Variable Bluet.This is an example of why you have to check every individual. Nine times out of ten around here a black and blue damselfly like this will be an Azure Bluet, but occasionally, it turns out to be something else, like this male Variable Bluet Coenagrion pulchellum. The key difference is the way the blue 'shoulder' stripe looks like an exclamation mark.
Golden Bloomed Grey Longhorn.I love these beetles with their blond marcel waved hairs and ridiculous name (it's hard to tell whether the English or the scientific is more silly sounding - Golden Bloomed Grey Longhorn Agapanthia villosoviridescens!)
Knotgrass moth caterpillar.Hairily attractive Knotgrass Acronita rumicis moth caterpillars are often present in some numbers on brambles. This is a member of the huge family of Noctuidae, which doesn't have many species with hairy caterpillars. The adult moths are more typical Noctuids, being patterned in various shades of grey.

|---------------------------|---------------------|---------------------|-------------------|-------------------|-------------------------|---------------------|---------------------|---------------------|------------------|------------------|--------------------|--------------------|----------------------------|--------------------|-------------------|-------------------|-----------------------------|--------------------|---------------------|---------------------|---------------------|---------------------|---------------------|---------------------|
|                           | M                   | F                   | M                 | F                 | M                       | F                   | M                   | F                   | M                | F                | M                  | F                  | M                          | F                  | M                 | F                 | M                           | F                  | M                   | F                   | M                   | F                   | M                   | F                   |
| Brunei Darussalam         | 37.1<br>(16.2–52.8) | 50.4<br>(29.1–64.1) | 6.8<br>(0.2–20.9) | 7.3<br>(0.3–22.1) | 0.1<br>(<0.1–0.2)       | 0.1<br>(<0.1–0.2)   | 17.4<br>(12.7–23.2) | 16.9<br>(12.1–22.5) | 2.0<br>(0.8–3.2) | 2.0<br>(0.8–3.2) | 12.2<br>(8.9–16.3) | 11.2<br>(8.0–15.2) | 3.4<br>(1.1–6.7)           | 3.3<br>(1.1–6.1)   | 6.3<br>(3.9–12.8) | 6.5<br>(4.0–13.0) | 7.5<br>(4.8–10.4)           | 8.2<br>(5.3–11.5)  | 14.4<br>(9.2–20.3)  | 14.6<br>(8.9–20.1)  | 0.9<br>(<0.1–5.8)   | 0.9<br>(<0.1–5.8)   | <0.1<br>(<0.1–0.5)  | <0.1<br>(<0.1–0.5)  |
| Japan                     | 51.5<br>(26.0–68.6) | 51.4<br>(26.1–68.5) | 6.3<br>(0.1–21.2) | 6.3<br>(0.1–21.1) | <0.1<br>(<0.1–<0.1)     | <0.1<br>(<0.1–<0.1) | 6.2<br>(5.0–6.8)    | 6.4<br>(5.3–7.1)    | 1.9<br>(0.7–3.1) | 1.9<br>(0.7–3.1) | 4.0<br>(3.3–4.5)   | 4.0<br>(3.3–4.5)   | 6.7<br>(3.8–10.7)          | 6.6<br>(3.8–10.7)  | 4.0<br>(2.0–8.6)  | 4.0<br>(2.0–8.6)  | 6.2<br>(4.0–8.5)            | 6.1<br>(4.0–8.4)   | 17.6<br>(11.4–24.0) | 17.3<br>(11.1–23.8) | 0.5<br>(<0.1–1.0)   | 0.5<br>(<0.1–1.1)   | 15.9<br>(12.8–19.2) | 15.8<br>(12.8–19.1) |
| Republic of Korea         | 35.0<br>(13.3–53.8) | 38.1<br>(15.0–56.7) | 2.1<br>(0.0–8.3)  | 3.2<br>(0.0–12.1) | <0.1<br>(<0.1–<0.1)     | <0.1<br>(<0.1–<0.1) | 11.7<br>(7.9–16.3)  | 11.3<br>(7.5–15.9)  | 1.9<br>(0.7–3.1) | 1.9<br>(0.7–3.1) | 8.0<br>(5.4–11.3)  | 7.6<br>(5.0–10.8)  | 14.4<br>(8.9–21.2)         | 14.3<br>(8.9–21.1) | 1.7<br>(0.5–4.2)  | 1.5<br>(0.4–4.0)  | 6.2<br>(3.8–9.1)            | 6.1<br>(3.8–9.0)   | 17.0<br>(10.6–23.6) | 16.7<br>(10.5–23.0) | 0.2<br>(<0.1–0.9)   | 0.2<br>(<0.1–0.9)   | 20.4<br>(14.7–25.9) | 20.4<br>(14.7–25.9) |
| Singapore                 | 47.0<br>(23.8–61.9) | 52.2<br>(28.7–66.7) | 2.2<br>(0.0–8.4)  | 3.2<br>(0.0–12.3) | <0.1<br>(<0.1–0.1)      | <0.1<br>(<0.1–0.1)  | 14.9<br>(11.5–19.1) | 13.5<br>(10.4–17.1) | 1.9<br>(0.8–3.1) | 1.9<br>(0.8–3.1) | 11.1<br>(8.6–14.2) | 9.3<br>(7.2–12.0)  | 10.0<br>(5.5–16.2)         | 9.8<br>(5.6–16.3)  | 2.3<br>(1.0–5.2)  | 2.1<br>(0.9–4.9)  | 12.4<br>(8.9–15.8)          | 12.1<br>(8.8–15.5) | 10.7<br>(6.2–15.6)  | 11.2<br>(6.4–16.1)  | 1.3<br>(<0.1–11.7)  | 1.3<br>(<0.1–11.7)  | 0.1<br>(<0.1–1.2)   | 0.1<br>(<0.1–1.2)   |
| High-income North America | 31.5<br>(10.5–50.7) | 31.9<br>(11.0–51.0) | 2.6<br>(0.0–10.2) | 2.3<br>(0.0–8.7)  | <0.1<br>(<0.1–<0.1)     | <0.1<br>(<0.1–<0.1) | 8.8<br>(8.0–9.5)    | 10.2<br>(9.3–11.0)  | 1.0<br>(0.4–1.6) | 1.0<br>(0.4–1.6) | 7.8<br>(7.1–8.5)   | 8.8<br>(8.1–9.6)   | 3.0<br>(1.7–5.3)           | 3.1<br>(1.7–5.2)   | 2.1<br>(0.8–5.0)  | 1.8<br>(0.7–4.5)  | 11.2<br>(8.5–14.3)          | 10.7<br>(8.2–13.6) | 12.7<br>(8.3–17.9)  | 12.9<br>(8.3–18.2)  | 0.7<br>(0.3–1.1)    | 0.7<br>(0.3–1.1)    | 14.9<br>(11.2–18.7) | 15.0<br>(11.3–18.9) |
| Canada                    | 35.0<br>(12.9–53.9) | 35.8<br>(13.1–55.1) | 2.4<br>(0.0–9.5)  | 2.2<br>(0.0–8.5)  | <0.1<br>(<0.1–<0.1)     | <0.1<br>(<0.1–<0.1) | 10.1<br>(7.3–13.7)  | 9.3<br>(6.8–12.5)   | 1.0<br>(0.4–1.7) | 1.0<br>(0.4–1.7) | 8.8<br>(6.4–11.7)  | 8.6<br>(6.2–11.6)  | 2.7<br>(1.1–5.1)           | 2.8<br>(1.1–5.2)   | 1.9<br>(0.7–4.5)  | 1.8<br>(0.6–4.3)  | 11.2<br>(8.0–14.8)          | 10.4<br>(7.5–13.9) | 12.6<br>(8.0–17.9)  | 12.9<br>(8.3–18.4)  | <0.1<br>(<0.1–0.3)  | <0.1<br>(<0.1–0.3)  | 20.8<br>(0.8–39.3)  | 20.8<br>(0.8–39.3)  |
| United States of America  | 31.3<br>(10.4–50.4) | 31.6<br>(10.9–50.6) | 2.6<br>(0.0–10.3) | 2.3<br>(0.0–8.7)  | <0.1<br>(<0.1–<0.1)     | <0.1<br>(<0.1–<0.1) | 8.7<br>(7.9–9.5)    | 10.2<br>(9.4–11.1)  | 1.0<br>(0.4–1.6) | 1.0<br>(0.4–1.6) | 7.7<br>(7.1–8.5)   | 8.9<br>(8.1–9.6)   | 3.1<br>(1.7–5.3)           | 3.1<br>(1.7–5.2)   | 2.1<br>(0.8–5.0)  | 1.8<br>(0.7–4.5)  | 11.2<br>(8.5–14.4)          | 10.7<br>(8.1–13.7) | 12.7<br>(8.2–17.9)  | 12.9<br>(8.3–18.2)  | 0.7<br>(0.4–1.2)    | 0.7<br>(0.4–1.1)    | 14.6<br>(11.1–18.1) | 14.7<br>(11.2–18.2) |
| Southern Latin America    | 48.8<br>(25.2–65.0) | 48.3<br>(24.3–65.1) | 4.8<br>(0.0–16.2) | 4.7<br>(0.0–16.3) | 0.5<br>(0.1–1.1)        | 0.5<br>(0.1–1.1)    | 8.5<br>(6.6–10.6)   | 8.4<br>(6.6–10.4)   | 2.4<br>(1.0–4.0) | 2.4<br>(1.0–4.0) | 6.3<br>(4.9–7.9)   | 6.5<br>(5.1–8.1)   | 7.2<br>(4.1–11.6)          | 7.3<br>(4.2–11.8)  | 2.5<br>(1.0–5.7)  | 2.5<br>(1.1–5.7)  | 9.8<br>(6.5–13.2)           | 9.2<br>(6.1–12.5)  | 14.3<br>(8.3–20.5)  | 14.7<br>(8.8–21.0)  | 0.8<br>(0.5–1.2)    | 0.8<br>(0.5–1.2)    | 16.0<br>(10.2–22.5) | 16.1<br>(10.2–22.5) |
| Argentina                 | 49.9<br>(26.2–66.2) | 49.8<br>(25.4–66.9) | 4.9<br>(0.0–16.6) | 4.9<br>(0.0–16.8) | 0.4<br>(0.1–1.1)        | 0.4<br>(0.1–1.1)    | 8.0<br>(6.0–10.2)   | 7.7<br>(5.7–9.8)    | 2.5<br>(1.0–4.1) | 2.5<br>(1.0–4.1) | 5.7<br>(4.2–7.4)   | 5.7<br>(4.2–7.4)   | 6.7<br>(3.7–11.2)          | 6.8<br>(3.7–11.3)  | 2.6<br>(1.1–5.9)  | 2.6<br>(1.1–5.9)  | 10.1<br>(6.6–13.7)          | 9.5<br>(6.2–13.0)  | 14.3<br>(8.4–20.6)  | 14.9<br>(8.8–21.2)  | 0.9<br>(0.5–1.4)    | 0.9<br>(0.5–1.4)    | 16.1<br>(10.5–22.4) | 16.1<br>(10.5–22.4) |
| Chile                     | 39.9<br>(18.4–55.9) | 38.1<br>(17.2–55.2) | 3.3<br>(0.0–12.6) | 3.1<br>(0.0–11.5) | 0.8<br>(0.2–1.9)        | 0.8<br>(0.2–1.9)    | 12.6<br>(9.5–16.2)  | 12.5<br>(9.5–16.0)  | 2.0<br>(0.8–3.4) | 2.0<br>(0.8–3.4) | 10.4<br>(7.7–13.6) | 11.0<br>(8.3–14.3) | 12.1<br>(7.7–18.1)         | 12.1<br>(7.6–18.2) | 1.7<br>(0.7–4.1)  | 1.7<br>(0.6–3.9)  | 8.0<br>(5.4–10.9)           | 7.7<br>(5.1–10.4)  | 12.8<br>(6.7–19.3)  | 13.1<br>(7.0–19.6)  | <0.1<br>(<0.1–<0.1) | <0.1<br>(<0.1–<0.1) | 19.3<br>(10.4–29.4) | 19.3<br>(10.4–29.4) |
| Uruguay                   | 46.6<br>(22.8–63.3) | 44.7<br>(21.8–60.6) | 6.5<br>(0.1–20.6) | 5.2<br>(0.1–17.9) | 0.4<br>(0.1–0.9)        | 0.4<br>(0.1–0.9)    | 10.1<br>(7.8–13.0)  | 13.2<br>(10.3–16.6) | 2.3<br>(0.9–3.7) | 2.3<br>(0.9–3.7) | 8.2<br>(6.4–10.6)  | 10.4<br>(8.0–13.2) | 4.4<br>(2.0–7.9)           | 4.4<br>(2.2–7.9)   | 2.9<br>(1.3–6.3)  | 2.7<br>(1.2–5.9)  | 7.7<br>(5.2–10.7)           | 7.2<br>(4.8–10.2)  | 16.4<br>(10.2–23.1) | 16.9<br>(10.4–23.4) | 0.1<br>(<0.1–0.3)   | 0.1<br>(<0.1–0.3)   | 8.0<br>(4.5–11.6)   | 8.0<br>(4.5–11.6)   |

Broad Bodied Chaser.I frequently encounter female Broad Bodied Chasers lurking about in the undergrowth like this one. It is resting in the shade and probably avoiding bothersome males at the water's edge, who are only interested in one thing.
Emperor moth caterpillars.These little Emperor moth Saturnia pavonia caterpillars are only young (second instar). They are a couple of centimetres long here, but will triple their size and completely change colour, ending up as very large green caterpillars with black and yellow markings within weeks. Eventually, after going their separate ways once they are bigger, and overwintering in their coccoons (they are related to silkworms), they will hatch into impressively large moths.
With 'friends' like these, it's no wonder brambles Rubus spp are so vigorous. The two species above were not the only ones making themselves at home and eating like crazy. All these creatures, and more, were photographed in the Brenne on a single day in late May.